and humble themselves if they are in error. Why? Because they love
God, and tremble at His Word.
- Define “worldview”
- Now, presuppositions together make up a worldview.
- A worldview is a network of our most basic
beliefs about reality in light of which all observations are
interpreted. (Lisle, The Ultimate Proof of Creation,
- I firmly believe that if people were truly given the full truth
of the gospel according to the scriptures at the outset then there
would be LESS people professing to be Christians. Most people came
under false pretenses. The majority of people who are in churches
are not Christians. Their ideas about Christianity are completely
- Most professing Christians believe that God doesn’t require
them to obey Him. That is demonstrably false. But they were told
that before they were converted. Most professing Christians believe
that their future sins are already forgiven before they repent and
confess them to God, and this is easily shown to be unbiblical from
the scriptures: but they were told it before they were converted.
I’ve seen it happen personally.
- These same people have no knowledge of the Bible. In fact, if
you try to talk to them about the Bible and God they get hot and
bothered and call you a legalist. They accuse you of being a
heretic, or un-Christlike (I’ve had that happen), because you want
to speak of Jesus and His commandments. Their worldview, how they
interpret things, is completely unbiblical. They have been lied to
and they love it. Why then should they examine it when it allows
them to “sit back, relax, and enjoy their salvation” as one very
famous Bible teacher said?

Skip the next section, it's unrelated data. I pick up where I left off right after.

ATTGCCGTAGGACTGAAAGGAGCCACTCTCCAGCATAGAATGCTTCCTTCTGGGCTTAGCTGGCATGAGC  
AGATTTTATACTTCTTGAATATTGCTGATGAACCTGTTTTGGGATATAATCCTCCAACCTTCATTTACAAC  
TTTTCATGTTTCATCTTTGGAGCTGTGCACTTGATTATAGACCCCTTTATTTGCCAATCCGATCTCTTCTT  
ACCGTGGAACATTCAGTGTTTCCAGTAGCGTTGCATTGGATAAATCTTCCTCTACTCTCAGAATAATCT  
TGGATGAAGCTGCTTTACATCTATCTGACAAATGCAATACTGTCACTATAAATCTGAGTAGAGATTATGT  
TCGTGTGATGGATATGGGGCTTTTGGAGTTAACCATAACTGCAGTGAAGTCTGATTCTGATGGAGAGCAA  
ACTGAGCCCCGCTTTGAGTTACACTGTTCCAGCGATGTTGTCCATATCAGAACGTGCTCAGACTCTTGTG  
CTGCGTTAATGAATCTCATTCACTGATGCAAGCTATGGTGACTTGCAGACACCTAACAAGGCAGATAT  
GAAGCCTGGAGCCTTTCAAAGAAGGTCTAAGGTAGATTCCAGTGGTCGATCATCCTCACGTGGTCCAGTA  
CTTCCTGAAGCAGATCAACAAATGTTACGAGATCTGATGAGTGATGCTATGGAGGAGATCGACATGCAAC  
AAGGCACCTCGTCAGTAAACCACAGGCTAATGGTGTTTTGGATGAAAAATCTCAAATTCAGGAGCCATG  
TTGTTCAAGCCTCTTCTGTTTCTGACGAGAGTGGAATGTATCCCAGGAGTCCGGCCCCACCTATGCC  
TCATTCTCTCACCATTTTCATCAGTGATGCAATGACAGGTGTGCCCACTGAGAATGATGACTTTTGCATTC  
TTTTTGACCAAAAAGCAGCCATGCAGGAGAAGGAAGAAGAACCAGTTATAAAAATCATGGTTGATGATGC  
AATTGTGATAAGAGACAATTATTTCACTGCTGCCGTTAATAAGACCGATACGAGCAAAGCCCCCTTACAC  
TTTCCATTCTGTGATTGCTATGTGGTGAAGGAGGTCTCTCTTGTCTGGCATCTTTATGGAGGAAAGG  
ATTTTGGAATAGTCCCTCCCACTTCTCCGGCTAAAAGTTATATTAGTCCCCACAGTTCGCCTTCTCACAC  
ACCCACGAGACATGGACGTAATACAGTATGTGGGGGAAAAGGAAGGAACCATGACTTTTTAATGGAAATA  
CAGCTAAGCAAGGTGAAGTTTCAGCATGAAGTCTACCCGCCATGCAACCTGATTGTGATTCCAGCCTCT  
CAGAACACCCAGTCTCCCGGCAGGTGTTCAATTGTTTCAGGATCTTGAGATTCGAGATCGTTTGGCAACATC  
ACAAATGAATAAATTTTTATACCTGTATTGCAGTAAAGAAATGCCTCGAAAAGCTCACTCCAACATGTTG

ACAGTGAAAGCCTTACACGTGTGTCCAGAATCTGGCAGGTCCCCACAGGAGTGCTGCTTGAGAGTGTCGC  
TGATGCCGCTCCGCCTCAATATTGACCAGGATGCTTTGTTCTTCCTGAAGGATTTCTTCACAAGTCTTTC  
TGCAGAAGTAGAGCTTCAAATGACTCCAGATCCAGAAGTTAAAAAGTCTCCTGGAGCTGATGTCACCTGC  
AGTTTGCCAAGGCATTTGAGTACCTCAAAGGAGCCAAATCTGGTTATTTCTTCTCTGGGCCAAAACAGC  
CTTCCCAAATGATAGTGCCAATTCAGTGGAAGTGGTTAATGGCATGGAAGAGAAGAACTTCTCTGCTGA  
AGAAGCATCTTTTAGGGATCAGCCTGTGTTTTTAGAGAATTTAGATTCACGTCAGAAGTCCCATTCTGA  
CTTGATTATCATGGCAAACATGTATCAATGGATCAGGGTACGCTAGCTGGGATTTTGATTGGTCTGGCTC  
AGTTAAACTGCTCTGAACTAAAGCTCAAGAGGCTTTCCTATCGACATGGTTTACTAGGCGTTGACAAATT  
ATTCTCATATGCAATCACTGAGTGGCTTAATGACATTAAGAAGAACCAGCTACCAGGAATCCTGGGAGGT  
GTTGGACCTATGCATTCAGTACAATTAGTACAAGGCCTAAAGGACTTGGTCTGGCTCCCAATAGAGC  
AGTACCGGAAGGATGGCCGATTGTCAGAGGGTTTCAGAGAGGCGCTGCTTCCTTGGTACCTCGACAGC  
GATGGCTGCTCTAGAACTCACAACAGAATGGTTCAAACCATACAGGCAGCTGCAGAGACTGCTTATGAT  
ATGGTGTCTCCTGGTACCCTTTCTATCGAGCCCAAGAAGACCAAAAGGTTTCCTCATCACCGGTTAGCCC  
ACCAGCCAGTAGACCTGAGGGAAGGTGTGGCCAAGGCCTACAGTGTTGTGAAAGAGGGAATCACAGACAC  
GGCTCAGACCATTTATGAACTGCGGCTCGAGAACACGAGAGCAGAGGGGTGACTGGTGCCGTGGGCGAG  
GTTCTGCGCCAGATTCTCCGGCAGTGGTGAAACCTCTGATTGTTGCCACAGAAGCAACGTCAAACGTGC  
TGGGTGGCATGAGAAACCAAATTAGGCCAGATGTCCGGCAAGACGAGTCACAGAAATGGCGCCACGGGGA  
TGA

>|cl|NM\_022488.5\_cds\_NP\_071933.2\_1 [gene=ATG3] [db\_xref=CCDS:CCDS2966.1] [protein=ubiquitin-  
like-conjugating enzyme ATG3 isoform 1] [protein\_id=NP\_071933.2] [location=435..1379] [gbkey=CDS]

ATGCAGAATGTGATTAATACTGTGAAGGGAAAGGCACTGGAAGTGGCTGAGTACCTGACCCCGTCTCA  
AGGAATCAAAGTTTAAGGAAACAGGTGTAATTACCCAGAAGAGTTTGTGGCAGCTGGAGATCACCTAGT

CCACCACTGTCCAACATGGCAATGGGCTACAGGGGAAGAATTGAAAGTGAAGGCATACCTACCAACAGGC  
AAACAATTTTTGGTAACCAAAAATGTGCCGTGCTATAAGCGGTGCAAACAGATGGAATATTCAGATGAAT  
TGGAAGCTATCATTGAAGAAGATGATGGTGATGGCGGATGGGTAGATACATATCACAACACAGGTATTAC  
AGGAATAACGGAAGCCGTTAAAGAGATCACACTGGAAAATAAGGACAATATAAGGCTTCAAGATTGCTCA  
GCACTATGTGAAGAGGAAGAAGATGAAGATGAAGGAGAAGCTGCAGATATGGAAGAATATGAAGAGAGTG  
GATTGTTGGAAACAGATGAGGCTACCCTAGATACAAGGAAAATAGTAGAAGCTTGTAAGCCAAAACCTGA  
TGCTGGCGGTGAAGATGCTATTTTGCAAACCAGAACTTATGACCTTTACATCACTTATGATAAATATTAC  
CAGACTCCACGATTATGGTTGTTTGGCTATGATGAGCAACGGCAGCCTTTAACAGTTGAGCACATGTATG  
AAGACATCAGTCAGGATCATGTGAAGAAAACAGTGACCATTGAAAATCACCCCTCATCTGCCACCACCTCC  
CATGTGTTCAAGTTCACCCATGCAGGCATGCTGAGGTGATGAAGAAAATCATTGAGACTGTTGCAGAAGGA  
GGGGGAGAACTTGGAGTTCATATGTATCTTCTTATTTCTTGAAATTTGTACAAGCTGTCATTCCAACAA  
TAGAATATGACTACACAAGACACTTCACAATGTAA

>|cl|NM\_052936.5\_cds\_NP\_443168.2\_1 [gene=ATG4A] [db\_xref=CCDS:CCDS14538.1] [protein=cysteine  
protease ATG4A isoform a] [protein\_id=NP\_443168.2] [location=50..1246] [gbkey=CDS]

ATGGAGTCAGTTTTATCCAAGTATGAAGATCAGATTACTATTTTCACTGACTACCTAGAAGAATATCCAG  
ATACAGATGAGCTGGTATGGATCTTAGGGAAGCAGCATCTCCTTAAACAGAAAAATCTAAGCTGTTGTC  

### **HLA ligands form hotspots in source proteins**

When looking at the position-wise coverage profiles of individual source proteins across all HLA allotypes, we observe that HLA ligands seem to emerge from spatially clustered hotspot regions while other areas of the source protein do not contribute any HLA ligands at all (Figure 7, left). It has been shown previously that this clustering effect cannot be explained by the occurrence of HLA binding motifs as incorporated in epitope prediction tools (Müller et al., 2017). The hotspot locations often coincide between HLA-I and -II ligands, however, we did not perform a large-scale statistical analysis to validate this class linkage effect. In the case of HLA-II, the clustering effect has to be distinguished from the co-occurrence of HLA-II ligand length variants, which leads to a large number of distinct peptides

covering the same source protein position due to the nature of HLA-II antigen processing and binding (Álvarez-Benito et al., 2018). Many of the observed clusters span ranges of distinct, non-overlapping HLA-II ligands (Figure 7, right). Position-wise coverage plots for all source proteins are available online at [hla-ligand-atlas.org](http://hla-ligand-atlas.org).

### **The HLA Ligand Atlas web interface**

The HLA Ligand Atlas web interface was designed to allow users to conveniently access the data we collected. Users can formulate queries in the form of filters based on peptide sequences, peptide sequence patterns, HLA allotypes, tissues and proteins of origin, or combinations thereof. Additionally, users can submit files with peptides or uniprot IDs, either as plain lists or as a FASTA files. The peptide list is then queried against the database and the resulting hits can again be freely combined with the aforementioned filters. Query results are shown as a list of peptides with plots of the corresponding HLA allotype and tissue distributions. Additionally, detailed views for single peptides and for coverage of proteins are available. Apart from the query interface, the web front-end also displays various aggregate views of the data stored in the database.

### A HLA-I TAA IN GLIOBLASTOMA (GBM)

- The Ultimate Standard
- A person’s ultimate standard of truth is what they will always
revert back to in explaining their beliefs when questioned enough.
For a Christian, it always comes back to “because the Bible says…”
Their beliefs will always be finalized by God’s Word.
- The problem is that professing Christians have attached certain
conditions to that standard. If you could sum up their ultimate
standard of truth it would be something like “The Bible is the
truth, and Calvinism is it.” Or, “The Bible is the truth, and
evolution is true also.” They attach some other thing to it, and
therefore, do not believe it to be contradictory to scripture.
- No matter what evidence or scriptural argument you give them
they simply will not see any problem. It’s accepted before
investigation. So you have to show them that that’s the case.
- A good question to ask is, “Are you willing for it to be wrong
if I could show you that it contradicts the Bible?” Emphasize the
willing part. Force them to see that this specific thing is not
equivalent to Biblical authority. It may be something taught by it,
or not, but it is not supposed to be believed without examination
BY the scriptures. You have to show it to them that that’s the
- Just the other day, maybe two or more weeks ago, I had someone
who used to be a close friend. He has a doctorate, masters, and
bachelor’s degree in Biblical studies. I believe he also has a
bachelor’s degree in Divinity. But in trying to get him and his
wife to sit down with my wife and I and have a discussion about
eternal security he said, “We WILL not believe as you do”. Then, he
shut the door, and handled things very unbiblically. It hurt my
wife and I quite a lot. There were false accusations and all sorts
of things toward us. Nothing handled the way scripture tells us to
handle these things in Matthew 18 and 1 Corinthians 5—even if the
slanders were true.
- The ultimate standard must be the Bible alone. If someone ever
argues that they WILL not believe something, then it simply shows